Regardless of the size of a church, which is God’s pervue according to the second chapter of Acts…is it not?, it must operate under His leadership and according to His instruction, His Word. Church is the place where the family of God gathers to worship, to learn and grow and become equipped to spread the gospel of reconciliation. Of course we must be willing to receive, warmly, anyone who comes in the door, whether they are believers already or someone who has never picked up a Bible before…but we aren’t to change what church actually is just to try to get more bodies through the door. God, through His Holy Spirit, is the one Who calls, saves and gifts us. He’ll add to the church such as are being saved as we obey Him and do what He told us to do, preaching salvation and making disciples. Evangelism is what we are all called to do…in every walk of life. We aren’t called to just sit and listen to the pastor preach the same, joke heavy, Bible light message every week and then have some coffee and doughnuts with each other and walk out the door to do nothing more than invite our neighbors to come do the same thing with us next week.
    Since when are all believers not expected by Christ to share His message with our neighbors and families? When did it become ok to abdicate that position of servanthood? And how can we share the love of Christ without explaining why He needed to die on a cross? If we cannot tell people that they (like we) are sinners, that there is a penalty for sin (that banned word “hell”)and that Jesus paid the penalty for our sin, becoming our Redeemer as we humbly believe and receive… If we don’t tell them that He rose from the dead, proving every word He said about being One with the Father, and that He lives as the only Lord of all who come to Him in faith…then what’s the point? There are plenty of places people can go to have ‘felt’ needs met. Church leaders need to stop taking polls about felt needs, the results of which have turned “churches” into really big, flashy coffee bars. The more we strive to turn church into just another cool place where no one will ever feel uncomfortable (sin should make us uncomfortable and hell even more so)…the less we will stand on the foundation of the Word, in its entirety…the less we will trust that God is now, and has always been, in charge of growing His church and the more churches, large or small will become mere shells of what they should be. You want your church to be relevant? Trust God and His Bible…He is as relevant as it gets, He always has been and He always will be. He’ what people need whether they ‘perceive’ it or not. That may not always be popular but it will always be right. As I read it, God didn’t tell us that we’d always be comfortable…He told us that He’d never leave us or forsake us. Let’s model that no matter what size our churches are!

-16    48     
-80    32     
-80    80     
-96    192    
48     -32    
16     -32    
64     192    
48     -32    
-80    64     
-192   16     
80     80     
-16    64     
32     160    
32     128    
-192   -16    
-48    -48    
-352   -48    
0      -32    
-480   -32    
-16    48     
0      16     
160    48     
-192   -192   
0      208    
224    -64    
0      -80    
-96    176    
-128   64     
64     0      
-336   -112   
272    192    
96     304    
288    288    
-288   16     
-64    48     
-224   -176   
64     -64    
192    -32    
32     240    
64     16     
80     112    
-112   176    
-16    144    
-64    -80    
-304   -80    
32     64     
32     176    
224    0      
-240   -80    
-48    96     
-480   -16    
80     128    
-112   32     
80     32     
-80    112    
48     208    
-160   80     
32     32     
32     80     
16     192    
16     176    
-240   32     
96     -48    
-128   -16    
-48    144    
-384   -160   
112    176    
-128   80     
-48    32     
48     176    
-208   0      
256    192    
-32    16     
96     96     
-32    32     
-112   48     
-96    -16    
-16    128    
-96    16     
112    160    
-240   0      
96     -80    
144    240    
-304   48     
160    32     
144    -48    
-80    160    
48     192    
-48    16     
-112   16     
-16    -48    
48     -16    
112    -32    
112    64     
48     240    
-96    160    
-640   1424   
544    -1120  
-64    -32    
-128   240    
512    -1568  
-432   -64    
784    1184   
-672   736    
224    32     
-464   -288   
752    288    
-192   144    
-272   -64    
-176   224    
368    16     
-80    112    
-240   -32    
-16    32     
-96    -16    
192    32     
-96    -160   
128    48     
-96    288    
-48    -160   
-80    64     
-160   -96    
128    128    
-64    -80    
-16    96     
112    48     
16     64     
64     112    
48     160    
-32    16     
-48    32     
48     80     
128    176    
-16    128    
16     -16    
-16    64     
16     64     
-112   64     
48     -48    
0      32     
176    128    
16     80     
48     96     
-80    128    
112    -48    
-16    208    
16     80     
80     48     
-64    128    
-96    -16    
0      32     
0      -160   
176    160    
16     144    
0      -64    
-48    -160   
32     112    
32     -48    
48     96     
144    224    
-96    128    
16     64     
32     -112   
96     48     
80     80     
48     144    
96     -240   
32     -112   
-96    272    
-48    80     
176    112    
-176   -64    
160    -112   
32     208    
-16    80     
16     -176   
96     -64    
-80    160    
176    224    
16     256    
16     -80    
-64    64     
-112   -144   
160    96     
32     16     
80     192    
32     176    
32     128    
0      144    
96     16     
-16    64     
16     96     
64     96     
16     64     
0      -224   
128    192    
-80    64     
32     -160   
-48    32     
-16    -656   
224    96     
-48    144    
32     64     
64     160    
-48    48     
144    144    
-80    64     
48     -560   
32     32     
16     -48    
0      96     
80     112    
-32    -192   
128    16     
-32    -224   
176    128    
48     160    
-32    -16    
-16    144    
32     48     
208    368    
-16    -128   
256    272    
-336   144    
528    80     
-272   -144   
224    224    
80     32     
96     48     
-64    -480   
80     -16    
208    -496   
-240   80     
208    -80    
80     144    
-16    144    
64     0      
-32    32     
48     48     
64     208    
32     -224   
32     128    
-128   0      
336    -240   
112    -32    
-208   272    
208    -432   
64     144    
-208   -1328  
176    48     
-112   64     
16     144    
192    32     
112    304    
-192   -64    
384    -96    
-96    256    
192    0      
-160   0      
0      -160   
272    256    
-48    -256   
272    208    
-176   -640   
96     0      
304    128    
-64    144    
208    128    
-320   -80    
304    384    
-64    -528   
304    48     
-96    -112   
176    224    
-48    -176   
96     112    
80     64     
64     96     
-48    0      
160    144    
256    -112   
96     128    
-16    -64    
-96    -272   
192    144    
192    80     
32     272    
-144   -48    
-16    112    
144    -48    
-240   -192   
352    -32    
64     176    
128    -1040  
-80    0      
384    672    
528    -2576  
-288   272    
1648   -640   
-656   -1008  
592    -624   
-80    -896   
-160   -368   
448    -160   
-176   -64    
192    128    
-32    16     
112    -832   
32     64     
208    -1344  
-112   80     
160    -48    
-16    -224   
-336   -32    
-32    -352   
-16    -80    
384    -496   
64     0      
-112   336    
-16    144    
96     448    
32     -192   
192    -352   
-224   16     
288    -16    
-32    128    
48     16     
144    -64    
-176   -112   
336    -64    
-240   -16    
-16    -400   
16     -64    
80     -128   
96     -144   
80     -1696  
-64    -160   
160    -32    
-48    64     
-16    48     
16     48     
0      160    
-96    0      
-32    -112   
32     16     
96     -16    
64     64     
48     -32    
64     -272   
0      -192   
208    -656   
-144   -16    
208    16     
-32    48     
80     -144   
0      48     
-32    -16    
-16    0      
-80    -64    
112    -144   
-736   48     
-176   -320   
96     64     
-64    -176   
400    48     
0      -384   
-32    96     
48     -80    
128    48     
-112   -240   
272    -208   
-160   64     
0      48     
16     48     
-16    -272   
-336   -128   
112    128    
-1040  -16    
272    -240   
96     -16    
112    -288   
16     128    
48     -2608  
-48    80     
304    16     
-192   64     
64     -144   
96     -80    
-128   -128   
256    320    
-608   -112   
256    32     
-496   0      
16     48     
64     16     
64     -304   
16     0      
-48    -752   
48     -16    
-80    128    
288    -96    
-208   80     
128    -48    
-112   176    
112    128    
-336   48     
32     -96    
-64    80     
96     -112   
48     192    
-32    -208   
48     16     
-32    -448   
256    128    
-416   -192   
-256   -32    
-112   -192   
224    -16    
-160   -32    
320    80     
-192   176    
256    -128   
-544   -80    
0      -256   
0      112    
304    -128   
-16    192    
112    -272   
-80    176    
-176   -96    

Your article is real and pertinent and I am grateful to have read it. Thank you.

  5. Milton Gregory Grew

    Might not the mere fact that one goes to a “mega-church” be enough to give one pause and think they might have taken the “broad and spacious road” that Jesus said was a dead end in Mattthew 7:13?

    • Betty Moore

      Well said, Mr. Grew. In Matthew 7:13-14 Jesus said, “Enter by the narrow gate; for wide is the gate and broad is the way that leads to destruction, and there are many who go in by it. Because narrow is the gate and difficult is the way which leads to life, and there are few who find it.” (NKJV) Basing the success of something according to numbers may be the way of the world, but it isn’t the way of the Lord…and church is not, first and foremost, a business.